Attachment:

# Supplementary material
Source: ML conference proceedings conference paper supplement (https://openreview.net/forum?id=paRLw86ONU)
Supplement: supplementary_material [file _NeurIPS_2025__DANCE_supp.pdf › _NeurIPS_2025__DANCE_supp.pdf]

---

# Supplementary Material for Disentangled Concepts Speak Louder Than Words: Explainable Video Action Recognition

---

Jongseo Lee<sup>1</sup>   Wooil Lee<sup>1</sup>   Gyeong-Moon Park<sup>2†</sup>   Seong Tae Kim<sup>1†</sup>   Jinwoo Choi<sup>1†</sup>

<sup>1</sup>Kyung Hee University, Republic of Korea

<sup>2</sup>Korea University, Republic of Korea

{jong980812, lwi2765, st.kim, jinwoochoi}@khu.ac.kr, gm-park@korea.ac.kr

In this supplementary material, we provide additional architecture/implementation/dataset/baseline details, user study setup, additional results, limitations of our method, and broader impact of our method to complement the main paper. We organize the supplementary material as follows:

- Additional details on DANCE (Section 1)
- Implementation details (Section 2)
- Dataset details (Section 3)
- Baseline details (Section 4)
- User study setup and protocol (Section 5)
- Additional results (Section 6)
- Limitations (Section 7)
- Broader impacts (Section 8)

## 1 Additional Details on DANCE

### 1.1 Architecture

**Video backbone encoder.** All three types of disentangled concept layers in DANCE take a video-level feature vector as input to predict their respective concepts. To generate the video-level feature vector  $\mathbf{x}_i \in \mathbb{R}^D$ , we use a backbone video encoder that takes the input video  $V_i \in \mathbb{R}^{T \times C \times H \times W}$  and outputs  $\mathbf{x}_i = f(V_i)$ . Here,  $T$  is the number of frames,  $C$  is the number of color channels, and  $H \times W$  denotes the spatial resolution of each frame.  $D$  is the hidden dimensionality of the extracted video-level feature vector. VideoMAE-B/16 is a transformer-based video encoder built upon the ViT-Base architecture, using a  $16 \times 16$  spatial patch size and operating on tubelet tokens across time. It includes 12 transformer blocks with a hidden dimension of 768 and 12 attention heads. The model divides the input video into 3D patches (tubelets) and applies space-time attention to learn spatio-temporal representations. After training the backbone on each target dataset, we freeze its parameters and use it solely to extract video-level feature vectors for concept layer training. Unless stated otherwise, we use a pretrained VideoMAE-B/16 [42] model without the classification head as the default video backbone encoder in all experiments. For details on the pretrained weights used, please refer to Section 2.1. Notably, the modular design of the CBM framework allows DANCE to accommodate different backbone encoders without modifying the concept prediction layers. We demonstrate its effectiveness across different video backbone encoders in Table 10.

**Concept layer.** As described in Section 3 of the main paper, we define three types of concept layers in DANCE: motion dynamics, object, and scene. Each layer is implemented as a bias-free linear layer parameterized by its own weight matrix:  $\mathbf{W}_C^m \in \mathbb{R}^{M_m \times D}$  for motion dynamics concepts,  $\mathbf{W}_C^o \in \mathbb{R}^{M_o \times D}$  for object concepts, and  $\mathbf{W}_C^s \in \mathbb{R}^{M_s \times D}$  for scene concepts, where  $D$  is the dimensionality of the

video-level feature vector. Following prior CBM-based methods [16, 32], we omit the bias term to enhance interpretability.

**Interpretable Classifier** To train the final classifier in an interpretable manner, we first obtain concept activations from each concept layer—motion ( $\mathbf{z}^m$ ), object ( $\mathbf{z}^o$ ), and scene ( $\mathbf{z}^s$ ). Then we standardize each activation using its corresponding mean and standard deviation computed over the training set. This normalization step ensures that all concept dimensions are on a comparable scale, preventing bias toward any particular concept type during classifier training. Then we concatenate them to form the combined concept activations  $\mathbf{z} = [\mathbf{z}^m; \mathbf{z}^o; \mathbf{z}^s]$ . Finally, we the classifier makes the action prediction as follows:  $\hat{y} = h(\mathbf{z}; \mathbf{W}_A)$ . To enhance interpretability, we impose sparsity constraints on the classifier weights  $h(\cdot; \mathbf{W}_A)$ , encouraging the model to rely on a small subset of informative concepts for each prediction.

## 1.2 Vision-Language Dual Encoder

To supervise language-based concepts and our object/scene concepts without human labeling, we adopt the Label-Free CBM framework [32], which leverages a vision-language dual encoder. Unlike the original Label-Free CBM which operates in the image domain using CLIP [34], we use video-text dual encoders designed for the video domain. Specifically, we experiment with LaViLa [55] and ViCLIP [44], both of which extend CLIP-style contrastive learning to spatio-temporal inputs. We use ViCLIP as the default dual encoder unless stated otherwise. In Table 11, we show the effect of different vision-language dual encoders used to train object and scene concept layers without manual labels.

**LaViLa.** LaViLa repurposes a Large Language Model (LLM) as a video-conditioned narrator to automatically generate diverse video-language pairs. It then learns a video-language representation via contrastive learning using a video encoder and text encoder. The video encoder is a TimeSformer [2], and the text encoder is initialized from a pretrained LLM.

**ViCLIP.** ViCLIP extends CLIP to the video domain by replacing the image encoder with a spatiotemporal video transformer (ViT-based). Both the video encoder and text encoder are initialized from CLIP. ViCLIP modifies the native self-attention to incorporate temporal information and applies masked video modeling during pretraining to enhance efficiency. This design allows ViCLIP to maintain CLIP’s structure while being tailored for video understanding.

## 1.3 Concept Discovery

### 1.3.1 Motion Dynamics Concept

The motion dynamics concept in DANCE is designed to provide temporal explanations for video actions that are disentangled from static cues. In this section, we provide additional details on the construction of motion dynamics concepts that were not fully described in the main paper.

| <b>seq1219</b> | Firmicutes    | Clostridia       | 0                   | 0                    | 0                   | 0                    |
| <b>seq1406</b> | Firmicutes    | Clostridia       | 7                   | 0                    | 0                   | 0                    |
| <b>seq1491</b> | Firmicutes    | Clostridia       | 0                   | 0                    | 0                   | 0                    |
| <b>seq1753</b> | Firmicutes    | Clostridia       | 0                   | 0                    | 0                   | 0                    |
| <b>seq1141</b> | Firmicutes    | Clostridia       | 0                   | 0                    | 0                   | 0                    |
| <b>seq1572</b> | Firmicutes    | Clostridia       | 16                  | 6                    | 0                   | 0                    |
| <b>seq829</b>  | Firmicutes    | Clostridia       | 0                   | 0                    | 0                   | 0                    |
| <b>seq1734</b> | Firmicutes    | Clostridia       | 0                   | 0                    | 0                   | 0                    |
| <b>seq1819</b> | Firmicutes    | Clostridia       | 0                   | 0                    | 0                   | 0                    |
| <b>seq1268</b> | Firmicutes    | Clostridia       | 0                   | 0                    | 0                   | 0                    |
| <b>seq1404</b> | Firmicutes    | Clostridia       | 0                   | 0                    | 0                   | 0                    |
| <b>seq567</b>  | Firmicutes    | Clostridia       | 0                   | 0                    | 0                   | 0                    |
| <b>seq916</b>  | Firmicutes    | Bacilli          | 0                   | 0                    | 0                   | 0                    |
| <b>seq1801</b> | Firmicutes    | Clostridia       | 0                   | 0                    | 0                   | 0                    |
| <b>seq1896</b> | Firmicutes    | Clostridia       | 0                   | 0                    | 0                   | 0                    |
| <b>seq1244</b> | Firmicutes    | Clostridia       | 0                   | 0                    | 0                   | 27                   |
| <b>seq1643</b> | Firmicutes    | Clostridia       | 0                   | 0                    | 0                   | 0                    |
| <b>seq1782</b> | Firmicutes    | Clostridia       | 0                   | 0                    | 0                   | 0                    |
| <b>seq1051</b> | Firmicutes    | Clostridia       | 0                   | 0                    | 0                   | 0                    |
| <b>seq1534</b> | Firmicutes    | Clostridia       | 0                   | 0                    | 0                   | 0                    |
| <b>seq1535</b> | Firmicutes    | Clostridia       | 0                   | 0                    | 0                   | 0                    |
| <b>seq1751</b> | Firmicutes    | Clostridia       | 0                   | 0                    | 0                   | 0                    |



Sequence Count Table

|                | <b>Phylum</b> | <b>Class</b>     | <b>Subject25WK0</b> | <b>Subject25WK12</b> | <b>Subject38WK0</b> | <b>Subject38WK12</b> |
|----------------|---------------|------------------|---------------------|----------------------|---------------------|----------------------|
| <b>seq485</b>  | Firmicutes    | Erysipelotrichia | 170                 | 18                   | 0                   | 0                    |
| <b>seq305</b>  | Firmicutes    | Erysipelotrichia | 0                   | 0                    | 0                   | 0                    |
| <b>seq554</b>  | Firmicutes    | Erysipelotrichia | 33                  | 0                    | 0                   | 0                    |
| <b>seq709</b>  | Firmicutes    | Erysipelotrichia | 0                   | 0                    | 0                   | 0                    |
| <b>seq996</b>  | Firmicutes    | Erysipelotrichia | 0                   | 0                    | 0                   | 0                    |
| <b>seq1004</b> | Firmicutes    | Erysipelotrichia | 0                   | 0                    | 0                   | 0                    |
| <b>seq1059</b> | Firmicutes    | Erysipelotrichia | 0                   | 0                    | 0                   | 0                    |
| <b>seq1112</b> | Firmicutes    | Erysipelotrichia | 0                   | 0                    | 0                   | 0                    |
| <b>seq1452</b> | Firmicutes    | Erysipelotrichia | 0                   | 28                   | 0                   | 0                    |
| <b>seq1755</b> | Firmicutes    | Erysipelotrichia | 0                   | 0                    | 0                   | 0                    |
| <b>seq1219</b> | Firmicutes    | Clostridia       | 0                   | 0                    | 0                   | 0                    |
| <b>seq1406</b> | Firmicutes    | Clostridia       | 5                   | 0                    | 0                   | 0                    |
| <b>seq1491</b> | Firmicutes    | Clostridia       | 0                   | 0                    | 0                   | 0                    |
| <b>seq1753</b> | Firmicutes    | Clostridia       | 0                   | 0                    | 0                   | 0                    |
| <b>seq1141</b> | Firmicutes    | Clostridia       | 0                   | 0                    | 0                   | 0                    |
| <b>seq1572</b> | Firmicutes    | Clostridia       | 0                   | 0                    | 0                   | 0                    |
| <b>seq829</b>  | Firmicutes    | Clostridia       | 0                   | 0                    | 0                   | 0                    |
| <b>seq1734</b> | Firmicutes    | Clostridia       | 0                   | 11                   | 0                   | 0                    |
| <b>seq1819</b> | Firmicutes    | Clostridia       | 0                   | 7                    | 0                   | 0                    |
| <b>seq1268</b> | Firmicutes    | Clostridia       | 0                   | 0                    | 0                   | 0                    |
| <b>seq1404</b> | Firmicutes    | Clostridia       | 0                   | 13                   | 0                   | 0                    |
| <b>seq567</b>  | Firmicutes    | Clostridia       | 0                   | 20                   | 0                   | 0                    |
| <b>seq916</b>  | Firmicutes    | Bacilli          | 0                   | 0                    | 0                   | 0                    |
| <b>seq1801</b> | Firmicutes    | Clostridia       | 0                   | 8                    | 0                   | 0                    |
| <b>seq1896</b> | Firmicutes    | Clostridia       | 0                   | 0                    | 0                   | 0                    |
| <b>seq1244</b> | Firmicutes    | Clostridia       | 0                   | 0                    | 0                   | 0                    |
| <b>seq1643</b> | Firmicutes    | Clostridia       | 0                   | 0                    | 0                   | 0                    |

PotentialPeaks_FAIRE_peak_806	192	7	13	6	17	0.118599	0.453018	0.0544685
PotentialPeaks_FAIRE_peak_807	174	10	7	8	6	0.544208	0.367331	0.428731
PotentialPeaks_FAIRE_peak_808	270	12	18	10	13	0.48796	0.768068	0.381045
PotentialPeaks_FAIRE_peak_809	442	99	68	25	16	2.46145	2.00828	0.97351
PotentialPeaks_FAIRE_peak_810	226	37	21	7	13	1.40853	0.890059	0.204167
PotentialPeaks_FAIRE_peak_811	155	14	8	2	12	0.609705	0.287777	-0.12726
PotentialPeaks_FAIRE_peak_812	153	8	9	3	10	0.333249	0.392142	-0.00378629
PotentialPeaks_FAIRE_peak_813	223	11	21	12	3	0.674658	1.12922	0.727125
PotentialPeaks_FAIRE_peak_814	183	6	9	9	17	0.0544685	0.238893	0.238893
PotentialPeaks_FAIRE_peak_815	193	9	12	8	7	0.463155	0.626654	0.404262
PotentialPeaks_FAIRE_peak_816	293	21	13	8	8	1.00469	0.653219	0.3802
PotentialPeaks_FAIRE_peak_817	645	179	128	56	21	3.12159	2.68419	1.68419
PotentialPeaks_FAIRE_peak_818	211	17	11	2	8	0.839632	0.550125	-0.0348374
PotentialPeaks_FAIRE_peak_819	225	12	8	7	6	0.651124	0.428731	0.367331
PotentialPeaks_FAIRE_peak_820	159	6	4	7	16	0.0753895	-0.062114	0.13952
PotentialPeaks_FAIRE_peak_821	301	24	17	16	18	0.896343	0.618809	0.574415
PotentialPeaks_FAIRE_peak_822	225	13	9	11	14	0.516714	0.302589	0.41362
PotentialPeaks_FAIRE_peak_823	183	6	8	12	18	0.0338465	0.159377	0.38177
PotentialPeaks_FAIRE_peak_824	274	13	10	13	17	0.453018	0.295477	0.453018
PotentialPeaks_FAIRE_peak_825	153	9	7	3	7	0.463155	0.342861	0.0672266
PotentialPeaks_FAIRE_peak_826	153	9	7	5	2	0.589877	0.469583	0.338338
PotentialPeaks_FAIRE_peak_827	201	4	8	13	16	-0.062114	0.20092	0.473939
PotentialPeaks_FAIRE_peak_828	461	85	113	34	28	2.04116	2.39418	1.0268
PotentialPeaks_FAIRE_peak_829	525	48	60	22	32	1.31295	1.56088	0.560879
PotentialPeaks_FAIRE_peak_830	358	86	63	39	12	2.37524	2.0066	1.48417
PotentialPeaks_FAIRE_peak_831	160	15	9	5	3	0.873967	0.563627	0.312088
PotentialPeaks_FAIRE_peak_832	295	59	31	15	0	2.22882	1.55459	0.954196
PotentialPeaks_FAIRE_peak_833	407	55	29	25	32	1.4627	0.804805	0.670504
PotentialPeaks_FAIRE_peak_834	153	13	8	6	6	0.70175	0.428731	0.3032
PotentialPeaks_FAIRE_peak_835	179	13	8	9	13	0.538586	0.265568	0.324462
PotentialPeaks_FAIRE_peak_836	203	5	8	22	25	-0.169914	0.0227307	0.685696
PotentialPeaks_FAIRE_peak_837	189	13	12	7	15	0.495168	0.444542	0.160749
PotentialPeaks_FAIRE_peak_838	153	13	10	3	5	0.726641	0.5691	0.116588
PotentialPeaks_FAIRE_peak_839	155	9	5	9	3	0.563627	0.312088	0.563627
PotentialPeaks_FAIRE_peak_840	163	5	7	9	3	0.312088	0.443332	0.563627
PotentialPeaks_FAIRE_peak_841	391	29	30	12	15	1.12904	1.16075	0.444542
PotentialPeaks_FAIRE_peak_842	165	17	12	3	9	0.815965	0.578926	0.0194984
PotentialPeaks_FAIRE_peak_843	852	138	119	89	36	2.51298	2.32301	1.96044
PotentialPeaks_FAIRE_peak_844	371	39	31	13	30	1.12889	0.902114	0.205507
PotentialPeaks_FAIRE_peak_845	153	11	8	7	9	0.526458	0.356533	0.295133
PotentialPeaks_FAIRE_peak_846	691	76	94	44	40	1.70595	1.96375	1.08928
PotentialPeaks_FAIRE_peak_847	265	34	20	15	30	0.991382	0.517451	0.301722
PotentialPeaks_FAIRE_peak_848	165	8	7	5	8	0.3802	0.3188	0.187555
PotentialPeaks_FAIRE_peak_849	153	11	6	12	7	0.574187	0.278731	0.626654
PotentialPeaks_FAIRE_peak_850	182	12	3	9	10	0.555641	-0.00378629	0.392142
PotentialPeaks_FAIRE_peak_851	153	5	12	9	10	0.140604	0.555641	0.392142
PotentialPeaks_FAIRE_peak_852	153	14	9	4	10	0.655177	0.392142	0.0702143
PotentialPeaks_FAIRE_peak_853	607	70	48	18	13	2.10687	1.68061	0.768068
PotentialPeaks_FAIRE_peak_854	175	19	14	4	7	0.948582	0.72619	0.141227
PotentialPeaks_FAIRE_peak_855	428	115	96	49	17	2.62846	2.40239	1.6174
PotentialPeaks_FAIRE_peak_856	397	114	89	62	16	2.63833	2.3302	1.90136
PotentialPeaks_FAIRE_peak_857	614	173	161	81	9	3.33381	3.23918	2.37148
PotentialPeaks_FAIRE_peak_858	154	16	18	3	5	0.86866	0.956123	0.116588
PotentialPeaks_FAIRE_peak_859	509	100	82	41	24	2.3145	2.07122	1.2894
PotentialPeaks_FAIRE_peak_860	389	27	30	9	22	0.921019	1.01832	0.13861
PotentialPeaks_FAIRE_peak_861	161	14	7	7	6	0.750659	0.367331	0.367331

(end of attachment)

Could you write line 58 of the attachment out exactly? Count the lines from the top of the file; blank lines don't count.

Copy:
| <b>seq485</b>  | Firmicutes    | Erysipelotrichia | 170                 | 18                   | 0                   | 0                    |